Enhanced Post-Learning Memory Consolidation is Influenced by Arousal Predisposition and Emotion Regulation but Not By Stimulus Valence or Arousal

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    Emotionally arousing stimuli are more memorable than neutral ones and arousal induced after learning enhances later retrieval. However, there is as yet little study of how stimulus qualities might interact with induced arousal and how individual differences might influence the modulation of memory. Thus, the present study examined the effect of arousal induced after learning on memory for words that varied in both arousal and valence quality, as well as the influence of three individual differences factors that are known to influence arousal response: emotional suppression, emotional reappraisal, and arousal predisposition. Seventy-six adults (57 female) viewed and rated 60 words that normatively ranged from high to low in arousal and valence. Ten minutes later, they viewed a 3-min comedic or neutral video clip. Arousal induced after learning enhanced 1-week delayed memory, spanning the lengthy task without preference for word type or serial position, contrasting with reports of arousal effects interacting with stimulus qualities. Importantly, being predisposed to arousal led to greater enhancement of long-term memory modulation, while the use of emotional reappraisal, which reduces arousal responding, inhibited the ability of arousal to induce memory enhancement. Thus, individual differences that influence arousal responding can contribute to or interfere with memory modulation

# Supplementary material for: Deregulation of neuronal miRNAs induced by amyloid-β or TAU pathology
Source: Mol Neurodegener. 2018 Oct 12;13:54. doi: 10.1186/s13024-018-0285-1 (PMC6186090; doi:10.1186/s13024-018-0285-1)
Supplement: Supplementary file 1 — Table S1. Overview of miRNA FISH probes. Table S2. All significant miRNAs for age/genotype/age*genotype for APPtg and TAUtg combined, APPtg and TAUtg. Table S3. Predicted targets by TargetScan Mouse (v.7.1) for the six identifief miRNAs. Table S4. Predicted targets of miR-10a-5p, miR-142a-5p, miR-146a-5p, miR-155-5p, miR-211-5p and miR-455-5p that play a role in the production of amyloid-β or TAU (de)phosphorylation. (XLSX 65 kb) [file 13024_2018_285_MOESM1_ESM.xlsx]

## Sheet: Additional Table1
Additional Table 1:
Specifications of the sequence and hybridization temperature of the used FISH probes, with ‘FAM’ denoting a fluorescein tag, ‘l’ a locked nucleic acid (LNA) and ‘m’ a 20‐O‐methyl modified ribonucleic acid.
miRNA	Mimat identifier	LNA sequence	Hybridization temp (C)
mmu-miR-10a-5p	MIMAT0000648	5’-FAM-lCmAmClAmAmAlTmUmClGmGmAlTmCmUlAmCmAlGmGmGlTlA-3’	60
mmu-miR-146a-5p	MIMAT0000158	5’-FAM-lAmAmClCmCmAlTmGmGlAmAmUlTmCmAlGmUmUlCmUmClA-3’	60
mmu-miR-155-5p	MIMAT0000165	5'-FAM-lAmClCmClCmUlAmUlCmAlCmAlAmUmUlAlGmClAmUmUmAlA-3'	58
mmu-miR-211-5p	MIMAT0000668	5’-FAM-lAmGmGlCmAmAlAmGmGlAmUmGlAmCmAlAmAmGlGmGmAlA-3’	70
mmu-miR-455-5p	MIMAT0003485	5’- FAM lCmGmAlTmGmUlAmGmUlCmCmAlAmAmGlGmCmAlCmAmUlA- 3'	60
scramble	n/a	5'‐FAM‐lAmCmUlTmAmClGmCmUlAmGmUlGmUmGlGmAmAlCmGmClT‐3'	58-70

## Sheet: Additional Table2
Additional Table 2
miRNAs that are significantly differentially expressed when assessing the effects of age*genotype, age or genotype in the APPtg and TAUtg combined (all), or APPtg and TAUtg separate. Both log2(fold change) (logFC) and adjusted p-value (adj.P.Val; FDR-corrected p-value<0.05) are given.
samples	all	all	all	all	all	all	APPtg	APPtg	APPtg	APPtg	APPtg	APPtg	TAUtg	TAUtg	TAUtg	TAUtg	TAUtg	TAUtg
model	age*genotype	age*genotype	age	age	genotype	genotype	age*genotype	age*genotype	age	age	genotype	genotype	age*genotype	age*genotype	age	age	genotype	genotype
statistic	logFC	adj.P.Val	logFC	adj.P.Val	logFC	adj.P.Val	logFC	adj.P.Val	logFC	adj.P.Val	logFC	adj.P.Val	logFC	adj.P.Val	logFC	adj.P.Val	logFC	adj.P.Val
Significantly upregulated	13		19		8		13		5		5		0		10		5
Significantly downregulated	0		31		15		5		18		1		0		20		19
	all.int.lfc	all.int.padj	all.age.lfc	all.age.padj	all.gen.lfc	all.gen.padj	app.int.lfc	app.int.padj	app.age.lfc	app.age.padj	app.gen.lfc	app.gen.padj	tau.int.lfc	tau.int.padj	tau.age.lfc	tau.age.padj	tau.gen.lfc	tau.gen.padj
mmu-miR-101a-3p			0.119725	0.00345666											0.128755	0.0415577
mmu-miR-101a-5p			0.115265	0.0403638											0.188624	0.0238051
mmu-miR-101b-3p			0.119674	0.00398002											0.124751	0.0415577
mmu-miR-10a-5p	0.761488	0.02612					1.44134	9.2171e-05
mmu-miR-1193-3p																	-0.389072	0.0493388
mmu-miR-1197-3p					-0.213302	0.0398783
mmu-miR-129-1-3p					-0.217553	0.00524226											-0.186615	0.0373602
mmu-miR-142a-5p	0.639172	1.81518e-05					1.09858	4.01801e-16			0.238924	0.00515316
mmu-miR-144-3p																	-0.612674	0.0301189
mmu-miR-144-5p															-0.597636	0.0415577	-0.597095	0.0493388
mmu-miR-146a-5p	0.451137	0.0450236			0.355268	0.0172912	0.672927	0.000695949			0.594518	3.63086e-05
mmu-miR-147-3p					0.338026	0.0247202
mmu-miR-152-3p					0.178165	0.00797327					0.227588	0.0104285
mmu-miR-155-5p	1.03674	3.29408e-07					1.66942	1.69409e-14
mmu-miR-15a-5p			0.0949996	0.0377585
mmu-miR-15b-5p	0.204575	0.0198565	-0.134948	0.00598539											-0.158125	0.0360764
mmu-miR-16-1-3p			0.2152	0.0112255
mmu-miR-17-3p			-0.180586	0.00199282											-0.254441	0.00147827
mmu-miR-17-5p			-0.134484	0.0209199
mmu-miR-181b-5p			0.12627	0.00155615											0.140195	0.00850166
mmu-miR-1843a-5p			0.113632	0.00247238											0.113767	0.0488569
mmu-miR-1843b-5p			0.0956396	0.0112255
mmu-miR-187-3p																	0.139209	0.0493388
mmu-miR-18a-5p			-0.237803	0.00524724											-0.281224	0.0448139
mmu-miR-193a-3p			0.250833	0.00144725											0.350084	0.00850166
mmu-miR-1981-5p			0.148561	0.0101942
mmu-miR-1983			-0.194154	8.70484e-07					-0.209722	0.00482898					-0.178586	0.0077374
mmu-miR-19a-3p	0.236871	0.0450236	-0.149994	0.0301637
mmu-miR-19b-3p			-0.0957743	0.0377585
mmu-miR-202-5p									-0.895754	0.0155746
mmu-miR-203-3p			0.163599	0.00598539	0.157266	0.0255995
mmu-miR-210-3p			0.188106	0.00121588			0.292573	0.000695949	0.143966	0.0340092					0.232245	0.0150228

Reduction of the Misinformation Effect by Arousal Induced After Learning

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    Misinformation introduced after events have already occurred causes errors in later retrieval. Based on literature showing that arousal induced after learning enhances delayed retrieval, we investigated whether post-learning arousal can reduce the misinformation effect. 251 participants viewed four short film clips, each followed by a retention test, which for some participants included misinformation. Afterward, participants viewed another film clip that was either arousing or neutral. One week later, the arousal group recognized significantly more veridical details and endorsed significantly fewer misinformation items than the neutral group. The findings suggest that arousal induced after learning reduced source confusion, allowing participants to better retrieve accurate details and to better reject misinformation